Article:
Social anxiety is an inconvenient disorder in many situations in life, but for a student it can be especially difficult to deal with. School is a place where social interaction is not only expected but also required, where being judged and criticized by others is routine, and where struggling to cope with social situations and feedback can result in both psychological trauma and an endangerment of your future success in life.
This article will discuss the various challenges posed by school for students with social anxiety, and how to handle them.
Social Anxiety at School?
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Problems Associated With School Anxiety
Social anxiety disorder at school can be a serious problem, and often one that is self-sustaining. Below, we'll take a look at some of the reasons that people experience social anxiety at school. However, if you're looking to treat it, make sure you take my anxiety test now.
The following are some examples of both ways that people experience school anxiety and what happens if it goes untreated:
Going to Class/Absences
Having class means being in a room full of people for hours at a time, often every day. In most social situations, you are free to excuse yourself when anxiety becomes overwhelming. In school, there is generally no such allowance. Finding yourself in the position of having to lie to a teacher to escape the room and the embarrassment of publicly explaining the psychological reasons for your distress can cause even further stress and make it seem impossible to go to class the first place.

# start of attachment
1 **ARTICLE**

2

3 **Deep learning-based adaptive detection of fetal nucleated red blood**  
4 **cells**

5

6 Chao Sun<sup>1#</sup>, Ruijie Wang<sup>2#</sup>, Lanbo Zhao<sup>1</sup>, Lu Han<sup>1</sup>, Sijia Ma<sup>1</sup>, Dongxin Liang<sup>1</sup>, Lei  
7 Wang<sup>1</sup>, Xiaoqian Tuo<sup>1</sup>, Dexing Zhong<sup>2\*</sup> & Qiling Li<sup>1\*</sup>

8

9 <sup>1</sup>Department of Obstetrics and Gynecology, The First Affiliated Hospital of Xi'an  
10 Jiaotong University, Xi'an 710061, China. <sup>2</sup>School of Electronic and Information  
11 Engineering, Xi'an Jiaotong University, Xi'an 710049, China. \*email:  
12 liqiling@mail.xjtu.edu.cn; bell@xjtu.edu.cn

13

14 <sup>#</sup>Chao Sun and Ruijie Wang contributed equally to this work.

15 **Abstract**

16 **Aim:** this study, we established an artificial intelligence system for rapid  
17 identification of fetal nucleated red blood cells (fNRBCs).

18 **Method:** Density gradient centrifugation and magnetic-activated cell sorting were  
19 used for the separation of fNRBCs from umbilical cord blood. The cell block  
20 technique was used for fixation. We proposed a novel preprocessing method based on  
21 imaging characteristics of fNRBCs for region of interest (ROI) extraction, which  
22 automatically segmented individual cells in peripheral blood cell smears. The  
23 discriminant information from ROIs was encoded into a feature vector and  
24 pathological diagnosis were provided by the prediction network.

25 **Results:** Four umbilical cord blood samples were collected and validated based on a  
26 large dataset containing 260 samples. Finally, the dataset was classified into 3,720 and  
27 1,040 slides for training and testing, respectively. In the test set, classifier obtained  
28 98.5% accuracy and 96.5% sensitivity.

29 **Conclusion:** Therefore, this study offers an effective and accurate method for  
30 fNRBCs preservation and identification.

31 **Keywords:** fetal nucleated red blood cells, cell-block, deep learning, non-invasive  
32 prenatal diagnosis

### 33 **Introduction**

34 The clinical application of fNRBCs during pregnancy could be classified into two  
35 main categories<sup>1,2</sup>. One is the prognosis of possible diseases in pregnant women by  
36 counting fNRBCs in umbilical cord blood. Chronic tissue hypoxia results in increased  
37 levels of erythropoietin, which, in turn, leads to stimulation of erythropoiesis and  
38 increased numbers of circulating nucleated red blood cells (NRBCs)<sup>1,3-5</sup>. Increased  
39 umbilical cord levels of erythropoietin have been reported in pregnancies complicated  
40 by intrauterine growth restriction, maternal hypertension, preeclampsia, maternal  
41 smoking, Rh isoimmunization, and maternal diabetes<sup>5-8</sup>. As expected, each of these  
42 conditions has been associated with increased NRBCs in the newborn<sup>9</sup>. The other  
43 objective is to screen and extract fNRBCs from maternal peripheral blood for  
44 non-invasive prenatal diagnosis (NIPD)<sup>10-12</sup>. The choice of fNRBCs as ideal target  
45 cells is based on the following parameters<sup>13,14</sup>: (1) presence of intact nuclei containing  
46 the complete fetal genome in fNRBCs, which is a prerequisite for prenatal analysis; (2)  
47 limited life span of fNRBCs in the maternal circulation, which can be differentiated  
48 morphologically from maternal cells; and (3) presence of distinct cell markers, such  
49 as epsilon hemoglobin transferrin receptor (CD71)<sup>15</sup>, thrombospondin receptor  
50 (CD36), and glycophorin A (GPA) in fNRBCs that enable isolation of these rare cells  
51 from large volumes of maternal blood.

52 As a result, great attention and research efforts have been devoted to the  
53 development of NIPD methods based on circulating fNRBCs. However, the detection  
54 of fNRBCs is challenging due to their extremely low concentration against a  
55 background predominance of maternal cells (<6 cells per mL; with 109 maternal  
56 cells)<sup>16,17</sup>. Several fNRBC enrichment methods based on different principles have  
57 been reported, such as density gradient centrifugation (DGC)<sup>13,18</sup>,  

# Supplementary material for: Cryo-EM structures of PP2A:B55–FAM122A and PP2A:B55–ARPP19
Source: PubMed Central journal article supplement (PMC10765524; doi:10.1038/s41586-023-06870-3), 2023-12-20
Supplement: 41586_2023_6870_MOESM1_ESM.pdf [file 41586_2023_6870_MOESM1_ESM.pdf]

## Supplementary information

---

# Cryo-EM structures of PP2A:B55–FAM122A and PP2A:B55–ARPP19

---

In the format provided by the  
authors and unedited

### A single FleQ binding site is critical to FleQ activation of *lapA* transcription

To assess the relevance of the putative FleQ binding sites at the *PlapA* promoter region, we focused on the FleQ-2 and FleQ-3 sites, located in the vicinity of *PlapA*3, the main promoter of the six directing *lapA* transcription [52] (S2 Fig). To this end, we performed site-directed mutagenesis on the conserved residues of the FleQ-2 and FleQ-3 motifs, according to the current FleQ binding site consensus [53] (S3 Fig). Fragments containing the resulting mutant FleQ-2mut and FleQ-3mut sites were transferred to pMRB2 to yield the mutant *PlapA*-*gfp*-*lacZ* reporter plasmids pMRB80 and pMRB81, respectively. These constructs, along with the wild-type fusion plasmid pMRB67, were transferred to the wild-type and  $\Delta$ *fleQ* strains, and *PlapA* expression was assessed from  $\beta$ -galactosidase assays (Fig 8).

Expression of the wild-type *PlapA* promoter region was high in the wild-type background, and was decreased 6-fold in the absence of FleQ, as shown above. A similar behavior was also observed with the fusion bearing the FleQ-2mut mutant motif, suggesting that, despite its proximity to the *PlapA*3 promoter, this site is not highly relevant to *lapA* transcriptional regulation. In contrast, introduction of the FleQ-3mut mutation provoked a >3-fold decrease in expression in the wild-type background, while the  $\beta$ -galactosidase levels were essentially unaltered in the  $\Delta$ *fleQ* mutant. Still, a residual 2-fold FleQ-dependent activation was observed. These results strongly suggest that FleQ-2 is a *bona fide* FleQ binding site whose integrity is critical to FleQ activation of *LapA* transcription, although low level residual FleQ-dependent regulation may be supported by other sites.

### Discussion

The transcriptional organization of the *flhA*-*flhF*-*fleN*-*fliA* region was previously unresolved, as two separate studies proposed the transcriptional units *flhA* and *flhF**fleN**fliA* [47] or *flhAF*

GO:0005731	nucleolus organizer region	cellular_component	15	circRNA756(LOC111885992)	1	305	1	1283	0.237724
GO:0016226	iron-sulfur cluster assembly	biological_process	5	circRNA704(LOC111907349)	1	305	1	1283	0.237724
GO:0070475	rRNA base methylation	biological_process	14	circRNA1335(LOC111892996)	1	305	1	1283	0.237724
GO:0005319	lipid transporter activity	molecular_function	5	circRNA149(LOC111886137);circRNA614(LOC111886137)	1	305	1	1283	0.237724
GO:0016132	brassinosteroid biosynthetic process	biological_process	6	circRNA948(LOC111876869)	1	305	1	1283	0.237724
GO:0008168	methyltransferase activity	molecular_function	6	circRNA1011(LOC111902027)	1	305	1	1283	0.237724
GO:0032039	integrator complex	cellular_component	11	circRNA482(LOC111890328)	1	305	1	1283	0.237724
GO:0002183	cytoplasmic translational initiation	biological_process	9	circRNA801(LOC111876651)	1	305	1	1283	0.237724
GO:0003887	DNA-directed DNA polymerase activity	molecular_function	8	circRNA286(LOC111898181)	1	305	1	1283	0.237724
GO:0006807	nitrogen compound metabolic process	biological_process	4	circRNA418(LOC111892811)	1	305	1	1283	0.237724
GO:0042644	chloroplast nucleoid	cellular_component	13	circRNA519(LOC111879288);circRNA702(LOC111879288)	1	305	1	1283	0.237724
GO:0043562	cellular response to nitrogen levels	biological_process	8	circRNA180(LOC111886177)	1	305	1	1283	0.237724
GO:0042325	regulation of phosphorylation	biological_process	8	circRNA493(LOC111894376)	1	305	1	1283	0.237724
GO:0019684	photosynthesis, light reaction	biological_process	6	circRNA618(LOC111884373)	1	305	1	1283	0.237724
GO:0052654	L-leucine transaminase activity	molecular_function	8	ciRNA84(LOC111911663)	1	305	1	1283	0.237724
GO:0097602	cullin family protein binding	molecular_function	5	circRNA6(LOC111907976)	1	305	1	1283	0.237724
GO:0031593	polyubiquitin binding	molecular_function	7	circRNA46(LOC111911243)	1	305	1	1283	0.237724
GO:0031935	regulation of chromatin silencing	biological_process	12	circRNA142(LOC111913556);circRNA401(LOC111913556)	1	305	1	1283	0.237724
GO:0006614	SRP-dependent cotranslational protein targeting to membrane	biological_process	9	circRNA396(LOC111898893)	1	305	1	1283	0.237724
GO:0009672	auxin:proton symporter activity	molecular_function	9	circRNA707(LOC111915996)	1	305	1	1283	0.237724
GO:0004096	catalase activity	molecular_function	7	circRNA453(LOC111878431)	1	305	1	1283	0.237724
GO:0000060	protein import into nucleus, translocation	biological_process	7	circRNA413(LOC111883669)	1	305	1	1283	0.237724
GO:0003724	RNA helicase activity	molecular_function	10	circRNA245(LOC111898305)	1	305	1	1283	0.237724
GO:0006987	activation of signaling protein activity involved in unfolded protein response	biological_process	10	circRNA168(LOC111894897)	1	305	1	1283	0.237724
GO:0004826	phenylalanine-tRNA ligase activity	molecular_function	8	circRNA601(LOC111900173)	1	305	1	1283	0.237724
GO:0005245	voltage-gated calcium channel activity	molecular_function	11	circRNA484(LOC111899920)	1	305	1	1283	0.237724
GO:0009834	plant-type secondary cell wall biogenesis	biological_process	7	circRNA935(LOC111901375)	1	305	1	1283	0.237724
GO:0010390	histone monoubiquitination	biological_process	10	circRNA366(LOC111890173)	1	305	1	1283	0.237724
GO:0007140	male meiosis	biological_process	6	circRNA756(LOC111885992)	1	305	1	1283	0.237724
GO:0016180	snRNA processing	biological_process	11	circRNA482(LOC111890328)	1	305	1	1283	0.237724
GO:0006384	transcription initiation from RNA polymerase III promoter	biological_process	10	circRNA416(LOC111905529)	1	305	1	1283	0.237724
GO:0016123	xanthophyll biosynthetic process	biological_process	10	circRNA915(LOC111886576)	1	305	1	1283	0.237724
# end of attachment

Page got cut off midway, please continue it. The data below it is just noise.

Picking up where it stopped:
In a classroom setting an expectation of social interaction is present, whereas in most social environments where no-one knows anyone else (such as in a grocery store or at a library) the expectation of social interaction may present to a much lesser extent, if it is present at all. The stress of being around a large number of unfamiliar people actively trying to get to know one another can be intense, so much so that a person with anxiety disorder may avoid going to class whenever possible.
Not talking to anyone, avoiding class, and finding ways of leaving the room when you experience anxiety can lead to social stigmatization and not being able to keep up with the workload, which can, in turn, lead to additional stress, low grades, and even failed classes. On the other hand, going to class, staying in the room and trying to interact while you experience anxiety can lead to the same things, in addition to physical exhaustion caused by regularly experiencing the physical symptoms of stress for a prolonged period of time. That's why it's so important to reduce anxiety.
Seating in a classroom setting can be either chosen or assigned. People with anxiety may be tempted to sit in the back of the classroom in the hope of not being noticed by classmates or the center of the teacher's attention.